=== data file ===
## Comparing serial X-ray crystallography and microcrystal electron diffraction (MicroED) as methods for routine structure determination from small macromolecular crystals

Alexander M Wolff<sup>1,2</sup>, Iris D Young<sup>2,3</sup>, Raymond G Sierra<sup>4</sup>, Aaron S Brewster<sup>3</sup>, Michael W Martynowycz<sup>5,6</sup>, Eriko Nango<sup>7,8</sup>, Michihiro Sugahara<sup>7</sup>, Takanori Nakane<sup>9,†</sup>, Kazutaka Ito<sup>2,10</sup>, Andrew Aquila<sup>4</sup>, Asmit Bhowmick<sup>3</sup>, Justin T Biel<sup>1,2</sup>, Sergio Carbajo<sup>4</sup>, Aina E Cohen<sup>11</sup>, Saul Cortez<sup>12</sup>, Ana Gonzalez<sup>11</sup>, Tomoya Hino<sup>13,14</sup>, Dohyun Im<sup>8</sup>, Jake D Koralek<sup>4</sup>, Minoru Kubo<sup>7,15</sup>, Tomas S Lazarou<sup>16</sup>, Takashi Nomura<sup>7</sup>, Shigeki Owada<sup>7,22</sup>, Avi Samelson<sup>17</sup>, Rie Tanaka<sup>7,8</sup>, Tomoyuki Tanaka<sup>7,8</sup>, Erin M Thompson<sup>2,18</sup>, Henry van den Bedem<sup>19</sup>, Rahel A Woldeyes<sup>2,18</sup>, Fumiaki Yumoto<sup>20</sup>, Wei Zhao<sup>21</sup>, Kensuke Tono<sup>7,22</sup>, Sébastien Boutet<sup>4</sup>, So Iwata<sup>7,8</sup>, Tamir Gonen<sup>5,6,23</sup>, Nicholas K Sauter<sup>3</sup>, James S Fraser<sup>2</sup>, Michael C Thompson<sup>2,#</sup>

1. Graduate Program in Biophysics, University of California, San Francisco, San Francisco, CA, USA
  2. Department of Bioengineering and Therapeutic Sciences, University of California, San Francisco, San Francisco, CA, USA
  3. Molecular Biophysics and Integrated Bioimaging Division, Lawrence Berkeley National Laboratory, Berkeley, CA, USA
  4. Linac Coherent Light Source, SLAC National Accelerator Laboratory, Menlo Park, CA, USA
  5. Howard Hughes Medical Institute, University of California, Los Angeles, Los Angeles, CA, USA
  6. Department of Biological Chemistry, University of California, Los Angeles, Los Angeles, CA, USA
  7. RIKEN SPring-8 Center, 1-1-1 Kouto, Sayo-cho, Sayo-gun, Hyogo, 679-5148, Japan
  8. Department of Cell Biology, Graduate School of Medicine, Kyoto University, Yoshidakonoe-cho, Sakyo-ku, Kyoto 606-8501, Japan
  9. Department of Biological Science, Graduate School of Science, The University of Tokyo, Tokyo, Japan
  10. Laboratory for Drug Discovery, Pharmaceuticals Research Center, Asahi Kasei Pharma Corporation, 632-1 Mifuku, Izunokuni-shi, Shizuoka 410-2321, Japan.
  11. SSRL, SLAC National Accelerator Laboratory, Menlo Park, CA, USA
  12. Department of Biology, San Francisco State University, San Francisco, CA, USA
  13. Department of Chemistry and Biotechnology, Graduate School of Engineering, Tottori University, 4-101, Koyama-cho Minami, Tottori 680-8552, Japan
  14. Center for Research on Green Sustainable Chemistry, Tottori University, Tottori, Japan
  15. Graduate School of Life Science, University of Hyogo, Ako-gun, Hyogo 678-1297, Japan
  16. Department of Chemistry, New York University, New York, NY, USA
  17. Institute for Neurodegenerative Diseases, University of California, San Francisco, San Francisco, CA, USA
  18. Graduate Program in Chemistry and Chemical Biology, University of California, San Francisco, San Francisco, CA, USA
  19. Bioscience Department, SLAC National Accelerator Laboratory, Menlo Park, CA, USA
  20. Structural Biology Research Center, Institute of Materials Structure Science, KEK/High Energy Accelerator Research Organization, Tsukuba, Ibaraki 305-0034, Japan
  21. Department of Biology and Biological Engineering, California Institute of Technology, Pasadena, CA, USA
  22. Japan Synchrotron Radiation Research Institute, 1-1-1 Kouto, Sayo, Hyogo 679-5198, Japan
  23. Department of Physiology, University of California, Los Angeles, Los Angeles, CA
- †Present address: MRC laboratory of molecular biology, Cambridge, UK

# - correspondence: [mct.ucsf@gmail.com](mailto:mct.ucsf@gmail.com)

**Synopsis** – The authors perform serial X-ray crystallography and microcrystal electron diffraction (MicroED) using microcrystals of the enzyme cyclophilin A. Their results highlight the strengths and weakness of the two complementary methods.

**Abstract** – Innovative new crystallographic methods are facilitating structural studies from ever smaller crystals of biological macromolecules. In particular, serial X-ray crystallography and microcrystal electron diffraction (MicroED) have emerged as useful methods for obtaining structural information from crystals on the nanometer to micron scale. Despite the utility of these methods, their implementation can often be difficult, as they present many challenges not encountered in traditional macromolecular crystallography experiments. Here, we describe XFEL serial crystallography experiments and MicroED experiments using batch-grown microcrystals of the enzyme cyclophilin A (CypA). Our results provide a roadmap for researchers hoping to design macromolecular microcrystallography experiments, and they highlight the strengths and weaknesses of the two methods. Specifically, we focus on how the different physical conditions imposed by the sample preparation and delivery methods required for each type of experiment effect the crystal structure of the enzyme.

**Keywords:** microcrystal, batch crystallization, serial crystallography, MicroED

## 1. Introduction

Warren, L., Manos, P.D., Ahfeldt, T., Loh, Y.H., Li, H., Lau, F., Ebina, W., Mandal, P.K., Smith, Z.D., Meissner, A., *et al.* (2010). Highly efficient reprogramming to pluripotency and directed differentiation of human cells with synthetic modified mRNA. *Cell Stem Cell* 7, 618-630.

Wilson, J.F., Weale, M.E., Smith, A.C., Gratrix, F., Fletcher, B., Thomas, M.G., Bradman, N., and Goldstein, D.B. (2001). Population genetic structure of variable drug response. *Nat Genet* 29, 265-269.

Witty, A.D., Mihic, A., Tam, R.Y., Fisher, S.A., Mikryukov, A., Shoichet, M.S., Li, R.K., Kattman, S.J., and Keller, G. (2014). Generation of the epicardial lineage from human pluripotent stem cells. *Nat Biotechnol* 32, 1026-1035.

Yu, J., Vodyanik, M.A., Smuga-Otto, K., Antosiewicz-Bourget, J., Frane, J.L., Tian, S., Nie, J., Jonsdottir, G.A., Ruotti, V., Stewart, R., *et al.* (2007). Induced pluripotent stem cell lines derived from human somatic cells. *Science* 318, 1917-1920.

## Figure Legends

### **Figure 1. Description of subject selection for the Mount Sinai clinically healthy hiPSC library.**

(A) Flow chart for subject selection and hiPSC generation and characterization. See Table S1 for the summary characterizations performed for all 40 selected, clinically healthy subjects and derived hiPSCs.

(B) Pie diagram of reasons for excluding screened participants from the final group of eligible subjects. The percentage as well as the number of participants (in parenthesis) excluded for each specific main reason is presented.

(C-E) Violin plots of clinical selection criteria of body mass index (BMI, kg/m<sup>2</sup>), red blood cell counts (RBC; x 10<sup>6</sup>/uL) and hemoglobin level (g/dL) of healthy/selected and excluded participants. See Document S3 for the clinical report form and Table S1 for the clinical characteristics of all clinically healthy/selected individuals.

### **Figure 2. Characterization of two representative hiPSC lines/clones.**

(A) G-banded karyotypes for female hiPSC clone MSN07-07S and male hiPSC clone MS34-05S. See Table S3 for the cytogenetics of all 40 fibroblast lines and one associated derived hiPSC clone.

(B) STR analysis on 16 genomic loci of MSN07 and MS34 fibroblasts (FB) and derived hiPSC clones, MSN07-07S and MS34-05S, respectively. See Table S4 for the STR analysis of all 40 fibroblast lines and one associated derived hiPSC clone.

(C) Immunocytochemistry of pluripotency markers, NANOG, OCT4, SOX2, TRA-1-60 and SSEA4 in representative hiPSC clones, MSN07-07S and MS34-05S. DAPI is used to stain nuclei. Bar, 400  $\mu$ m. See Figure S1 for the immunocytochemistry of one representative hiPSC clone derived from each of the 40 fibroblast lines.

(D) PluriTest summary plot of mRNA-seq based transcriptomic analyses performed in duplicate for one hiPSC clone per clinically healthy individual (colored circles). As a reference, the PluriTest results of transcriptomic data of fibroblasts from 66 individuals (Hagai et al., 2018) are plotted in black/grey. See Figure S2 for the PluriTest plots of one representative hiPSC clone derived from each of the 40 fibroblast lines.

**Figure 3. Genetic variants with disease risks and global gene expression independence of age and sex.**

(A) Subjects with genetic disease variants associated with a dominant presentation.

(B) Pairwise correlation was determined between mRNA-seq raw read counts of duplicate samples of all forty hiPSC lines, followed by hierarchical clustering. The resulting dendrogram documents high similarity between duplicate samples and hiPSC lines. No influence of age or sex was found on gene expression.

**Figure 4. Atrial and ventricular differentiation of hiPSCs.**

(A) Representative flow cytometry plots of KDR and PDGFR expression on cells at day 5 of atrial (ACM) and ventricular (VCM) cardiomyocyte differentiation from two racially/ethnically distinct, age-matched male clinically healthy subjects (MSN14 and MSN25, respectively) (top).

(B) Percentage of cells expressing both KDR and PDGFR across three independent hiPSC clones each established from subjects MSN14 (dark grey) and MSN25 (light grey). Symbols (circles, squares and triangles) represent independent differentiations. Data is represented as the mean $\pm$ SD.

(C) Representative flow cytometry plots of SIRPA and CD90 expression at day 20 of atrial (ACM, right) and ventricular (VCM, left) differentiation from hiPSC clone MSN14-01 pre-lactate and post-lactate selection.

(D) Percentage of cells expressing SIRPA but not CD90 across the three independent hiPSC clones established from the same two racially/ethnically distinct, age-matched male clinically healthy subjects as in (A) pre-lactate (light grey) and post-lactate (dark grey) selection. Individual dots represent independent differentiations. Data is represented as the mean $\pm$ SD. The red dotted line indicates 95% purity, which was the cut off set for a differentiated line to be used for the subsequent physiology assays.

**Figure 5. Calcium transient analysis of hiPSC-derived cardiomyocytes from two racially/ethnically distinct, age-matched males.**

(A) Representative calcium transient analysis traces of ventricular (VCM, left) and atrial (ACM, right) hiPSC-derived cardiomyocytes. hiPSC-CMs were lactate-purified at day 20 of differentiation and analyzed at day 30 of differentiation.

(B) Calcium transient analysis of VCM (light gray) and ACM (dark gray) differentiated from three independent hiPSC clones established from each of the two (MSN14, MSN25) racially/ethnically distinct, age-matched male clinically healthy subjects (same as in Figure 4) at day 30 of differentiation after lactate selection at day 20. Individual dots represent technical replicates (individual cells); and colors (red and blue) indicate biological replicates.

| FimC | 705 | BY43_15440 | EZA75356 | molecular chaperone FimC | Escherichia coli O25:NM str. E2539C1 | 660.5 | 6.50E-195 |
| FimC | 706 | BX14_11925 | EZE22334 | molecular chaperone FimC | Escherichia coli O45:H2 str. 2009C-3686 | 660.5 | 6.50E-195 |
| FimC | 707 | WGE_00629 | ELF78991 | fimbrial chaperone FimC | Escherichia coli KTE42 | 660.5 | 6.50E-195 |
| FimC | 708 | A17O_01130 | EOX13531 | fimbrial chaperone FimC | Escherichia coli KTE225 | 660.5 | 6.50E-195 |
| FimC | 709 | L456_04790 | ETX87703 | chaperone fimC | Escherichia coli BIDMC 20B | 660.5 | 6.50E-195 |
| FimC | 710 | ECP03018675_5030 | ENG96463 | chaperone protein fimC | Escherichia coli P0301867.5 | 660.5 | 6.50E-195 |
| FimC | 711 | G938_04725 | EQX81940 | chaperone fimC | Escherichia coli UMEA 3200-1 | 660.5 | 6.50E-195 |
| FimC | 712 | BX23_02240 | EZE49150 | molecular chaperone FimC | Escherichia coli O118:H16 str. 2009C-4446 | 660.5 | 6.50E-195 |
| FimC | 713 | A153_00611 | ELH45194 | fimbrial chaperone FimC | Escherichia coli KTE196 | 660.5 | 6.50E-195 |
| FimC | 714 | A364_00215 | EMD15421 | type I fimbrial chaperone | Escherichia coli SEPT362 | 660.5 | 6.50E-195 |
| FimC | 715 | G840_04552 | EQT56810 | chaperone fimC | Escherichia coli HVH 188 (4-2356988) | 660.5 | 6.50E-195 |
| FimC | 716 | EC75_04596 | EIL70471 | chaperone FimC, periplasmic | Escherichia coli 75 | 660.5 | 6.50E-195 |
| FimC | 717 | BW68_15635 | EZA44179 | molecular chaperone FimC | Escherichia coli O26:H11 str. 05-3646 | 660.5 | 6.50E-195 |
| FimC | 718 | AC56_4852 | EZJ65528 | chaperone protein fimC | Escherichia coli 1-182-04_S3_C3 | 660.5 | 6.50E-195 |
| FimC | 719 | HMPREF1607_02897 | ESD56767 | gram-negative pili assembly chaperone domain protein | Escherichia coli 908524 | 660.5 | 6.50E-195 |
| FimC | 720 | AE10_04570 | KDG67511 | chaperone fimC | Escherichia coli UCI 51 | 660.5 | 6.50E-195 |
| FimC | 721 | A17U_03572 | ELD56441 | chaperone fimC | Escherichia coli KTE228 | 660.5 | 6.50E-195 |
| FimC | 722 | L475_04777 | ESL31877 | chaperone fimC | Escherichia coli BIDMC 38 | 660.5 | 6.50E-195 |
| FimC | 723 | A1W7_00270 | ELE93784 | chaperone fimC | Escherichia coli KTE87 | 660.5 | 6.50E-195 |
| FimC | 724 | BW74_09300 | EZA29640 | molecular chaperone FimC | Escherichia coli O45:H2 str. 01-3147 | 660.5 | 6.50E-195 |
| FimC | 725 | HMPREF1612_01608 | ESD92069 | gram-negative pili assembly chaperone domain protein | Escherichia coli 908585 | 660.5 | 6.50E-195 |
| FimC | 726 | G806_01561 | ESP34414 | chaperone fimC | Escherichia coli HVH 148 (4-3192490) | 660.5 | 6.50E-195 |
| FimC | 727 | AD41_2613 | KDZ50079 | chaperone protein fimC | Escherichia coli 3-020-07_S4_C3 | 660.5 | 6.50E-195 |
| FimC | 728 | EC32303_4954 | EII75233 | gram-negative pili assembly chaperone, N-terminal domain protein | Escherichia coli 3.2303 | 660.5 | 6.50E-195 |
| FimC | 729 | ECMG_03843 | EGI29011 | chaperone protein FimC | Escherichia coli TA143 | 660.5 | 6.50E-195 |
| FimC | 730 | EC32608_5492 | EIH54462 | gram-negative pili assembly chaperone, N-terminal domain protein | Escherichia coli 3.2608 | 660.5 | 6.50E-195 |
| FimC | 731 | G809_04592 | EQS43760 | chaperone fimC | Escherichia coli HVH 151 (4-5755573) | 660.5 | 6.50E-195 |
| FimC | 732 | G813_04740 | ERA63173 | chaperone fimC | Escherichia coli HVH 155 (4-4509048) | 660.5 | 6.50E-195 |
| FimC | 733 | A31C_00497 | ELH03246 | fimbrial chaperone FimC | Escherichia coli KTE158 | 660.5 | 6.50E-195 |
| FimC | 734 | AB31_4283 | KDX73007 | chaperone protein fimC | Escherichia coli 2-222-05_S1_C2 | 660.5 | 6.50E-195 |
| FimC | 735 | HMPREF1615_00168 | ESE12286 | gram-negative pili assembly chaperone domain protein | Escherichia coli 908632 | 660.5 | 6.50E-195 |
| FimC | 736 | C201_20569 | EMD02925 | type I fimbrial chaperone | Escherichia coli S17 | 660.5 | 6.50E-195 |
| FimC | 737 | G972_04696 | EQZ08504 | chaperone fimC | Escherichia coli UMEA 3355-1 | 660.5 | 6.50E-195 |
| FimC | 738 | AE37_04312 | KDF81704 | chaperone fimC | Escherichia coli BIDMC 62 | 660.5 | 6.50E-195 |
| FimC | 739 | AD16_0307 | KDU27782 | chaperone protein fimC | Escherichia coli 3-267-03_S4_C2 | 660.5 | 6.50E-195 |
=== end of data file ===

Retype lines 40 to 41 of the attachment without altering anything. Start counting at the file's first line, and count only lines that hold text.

(C-E) Violin plots of clinical selection criteria of body mass index (BMI, kg/m<sup>2</sup>), red blood cell counts (RBC; x 10<sup>6</sup>/uL) and hemoglobin level (g/dL) of healthy/selected and excluded participants. See Document S3 for the clinical report form and Table S1 for the clinical characteristics of all clinically healthy/selected individuals.

### **Figure 2. Characterization of two representative hiPSC lines/clones.**